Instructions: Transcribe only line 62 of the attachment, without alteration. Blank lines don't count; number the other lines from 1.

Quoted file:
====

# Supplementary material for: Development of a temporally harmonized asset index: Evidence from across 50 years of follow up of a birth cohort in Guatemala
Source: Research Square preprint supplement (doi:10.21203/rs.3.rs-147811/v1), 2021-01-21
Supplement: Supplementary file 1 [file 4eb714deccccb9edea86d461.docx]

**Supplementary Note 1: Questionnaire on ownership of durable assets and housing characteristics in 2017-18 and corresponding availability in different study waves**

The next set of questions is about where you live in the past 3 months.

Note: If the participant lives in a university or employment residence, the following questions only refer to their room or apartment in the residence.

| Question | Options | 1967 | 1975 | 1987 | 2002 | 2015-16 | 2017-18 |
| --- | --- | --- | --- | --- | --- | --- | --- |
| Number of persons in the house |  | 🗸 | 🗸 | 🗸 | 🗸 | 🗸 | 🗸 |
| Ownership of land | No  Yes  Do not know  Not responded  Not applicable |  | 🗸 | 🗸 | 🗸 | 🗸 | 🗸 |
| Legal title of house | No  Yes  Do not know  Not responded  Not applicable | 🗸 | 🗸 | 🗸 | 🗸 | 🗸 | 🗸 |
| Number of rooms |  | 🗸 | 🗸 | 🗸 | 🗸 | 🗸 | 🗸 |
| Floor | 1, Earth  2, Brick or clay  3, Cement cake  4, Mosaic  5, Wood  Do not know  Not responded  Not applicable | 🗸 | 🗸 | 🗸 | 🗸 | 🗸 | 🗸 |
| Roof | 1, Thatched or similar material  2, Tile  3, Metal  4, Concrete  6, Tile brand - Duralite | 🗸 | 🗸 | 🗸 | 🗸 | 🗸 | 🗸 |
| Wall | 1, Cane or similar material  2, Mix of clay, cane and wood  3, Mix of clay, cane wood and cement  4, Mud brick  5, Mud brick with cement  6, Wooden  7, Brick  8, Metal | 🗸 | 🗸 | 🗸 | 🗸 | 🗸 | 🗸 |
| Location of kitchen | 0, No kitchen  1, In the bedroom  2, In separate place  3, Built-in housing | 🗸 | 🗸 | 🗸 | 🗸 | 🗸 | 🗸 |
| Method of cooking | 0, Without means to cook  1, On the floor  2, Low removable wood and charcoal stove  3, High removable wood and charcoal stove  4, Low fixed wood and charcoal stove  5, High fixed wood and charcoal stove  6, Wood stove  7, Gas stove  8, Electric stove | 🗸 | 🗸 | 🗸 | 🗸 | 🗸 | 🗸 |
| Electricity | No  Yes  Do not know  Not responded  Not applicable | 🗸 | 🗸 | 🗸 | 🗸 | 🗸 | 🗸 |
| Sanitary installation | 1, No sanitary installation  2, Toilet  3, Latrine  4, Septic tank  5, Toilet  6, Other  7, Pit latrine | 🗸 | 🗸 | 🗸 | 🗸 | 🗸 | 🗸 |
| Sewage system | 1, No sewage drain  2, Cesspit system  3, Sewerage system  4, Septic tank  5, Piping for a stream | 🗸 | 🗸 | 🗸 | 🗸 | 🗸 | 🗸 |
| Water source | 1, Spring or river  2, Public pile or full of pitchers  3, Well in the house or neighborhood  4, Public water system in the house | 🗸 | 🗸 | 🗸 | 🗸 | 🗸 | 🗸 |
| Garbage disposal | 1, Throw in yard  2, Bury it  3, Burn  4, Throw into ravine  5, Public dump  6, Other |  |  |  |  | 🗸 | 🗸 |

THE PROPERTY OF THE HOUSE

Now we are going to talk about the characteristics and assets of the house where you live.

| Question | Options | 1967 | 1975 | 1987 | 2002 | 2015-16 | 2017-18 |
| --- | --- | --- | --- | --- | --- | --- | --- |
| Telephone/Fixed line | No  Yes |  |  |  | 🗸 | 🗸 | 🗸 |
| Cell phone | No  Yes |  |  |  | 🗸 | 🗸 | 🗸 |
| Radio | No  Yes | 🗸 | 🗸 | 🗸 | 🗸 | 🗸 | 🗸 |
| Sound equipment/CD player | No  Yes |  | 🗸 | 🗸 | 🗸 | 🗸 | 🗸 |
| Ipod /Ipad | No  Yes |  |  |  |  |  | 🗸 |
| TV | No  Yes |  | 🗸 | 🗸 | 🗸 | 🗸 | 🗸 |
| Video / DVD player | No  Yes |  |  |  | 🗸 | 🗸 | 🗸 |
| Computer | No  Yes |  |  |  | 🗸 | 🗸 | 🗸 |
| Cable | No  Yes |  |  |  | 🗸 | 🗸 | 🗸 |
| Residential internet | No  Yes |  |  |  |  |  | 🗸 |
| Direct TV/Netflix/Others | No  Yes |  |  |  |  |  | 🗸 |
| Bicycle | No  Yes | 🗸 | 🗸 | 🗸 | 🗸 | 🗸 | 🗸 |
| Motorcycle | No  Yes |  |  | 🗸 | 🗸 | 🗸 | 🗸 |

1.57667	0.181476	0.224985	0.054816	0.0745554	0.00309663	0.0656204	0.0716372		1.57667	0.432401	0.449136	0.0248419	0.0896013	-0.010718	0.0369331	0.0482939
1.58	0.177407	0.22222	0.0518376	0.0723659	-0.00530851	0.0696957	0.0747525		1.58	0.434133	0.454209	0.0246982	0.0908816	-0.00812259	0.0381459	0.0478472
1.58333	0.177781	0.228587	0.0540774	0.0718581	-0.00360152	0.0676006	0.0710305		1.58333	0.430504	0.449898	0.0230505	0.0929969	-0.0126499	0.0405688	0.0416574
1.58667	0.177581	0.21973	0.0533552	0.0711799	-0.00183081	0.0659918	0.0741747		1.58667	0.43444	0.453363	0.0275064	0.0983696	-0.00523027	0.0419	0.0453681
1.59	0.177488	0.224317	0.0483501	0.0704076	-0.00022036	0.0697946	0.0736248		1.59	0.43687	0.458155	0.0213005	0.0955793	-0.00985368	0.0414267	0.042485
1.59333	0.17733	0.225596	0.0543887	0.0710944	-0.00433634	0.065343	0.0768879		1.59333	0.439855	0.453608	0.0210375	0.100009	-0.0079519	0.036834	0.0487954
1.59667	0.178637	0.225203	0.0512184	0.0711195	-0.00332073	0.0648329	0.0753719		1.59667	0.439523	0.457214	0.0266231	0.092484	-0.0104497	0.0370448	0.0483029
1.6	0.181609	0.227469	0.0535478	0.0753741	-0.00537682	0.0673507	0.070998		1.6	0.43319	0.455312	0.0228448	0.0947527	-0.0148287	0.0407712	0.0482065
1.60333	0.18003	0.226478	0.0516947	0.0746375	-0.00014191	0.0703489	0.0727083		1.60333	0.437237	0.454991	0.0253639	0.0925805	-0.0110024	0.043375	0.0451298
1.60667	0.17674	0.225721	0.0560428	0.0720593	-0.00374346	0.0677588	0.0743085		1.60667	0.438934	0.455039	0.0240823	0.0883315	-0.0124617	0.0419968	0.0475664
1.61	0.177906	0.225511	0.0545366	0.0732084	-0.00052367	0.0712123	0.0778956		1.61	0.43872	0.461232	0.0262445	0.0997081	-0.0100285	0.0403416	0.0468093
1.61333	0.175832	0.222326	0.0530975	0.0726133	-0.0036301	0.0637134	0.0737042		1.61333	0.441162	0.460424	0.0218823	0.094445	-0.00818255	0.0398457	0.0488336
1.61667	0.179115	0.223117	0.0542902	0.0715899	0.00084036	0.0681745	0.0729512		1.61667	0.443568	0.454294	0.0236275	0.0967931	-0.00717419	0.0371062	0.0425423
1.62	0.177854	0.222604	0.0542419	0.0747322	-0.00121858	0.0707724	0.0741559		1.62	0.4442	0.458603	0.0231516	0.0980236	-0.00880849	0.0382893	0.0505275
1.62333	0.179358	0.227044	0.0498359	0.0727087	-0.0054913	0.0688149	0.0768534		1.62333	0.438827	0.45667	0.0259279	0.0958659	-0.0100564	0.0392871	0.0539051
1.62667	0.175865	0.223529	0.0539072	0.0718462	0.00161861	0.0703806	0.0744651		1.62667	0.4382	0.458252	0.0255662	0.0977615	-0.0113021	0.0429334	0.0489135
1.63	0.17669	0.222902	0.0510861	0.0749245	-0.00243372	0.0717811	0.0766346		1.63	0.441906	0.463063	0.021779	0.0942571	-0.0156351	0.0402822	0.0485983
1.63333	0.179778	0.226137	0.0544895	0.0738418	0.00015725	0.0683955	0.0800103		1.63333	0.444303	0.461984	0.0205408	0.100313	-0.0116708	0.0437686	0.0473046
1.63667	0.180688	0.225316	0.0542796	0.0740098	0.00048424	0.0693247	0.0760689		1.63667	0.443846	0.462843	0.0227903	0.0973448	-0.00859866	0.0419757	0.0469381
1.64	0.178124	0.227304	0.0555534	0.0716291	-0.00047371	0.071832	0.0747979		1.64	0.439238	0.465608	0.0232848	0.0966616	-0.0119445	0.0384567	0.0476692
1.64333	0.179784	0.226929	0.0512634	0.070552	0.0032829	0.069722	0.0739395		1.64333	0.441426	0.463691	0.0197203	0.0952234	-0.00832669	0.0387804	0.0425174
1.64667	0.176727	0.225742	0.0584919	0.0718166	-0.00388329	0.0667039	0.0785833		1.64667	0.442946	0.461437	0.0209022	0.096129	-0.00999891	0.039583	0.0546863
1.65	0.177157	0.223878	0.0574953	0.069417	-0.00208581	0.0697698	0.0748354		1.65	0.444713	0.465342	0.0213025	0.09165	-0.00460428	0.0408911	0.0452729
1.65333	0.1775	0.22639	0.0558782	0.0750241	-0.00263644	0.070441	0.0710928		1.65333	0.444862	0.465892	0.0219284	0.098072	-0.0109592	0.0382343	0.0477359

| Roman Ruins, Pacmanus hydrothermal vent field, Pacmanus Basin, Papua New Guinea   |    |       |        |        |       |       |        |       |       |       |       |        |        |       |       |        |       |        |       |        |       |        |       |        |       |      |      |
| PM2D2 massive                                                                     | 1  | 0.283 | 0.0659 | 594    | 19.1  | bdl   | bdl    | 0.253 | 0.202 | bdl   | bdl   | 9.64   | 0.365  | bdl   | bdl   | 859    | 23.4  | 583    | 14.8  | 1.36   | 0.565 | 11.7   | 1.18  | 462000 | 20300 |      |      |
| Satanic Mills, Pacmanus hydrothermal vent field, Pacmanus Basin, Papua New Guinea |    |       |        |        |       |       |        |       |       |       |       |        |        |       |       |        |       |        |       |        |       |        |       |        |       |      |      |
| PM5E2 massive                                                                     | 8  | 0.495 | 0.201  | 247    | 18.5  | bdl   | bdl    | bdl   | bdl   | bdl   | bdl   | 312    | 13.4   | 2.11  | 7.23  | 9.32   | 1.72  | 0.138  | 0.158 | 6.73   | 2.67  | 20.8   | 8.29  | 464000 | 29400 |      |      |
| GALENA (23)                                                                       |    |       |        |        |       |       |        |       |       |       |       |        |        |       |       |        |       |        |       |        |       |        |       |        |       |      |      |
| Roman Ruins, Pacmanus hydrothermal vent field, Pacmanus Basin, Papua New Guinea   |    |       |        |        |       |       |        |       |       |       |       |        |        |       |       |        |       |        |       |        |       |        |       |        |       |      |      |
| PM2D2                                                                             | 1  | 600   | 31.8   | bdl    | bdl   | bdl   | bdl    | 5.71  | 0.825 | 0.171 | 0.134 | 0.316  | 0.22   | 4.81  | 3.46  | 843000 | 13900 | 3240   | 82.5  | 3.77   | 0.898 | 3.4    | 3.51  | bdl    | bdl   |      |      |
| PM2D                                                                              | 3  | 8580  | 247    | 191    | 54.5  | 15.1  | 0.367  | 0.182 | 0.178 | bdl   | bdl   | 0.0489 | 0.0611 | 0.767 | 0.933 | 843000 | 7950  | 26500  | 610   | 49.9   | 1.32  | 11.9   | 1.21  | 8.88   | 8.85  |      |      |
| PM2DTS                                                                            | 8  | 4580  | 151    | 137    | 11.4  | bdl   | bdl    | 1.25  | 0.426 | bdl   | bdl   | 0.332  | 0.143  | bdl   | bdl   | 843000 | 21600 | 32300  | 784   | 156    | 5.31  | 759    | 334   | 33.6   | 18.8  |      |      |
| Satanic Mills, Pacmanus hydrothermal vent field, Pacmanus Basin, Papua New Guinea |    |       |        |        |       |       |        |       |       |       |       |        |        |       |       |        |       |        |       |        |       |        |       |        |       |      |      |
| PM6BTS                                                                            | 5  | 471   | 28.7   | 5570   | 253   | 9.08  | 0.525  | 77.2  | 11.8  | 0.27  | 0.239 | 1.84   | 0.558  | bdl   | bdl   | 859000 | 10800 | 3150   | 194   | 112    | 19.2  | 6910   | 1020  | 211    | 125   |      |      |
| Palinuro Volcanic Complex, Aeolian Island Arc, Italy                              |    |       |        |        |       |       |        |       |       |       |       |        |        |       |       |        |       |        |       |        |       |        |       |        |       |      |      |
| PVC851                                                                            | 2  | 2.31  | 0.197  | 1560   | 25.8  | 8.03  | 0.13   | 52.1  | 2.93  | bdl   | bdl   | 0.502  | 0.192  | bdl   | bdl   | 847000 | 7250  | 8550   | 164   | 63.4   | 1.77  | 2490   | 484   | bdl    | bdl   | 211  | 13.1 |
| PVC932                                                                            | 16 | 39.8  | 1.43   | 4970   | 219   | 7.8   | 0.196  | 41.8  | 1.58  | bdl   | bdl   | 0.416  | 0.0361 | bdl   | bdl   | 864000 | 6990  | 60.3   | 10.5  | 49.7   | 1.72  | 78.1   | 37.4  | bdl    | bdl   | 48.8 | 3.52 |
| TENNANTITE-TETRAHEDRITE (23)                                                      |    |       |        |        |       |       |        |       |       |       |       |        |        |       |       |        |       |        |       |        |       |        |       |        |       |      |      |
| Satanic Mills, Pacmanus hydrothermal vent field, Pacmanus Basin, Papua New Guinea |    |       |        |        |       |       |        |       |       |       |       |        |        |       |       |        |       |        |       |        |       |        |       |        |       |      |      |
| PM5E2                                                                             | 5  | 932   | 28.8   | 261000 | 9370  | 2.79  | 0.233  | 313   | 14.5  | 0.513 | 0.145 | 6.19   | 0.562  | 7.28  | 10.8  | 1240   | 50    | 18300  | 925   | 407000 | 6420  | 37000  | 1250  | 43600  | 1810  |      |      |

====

1.65	0.177157	0.223878	0.0574953	0.069417	-0.00208581	0.0697698	0.0748354		1.65	0.444713	0.465342	0.0213025	0.09165	-0.00460428	0.0408911	0.0452729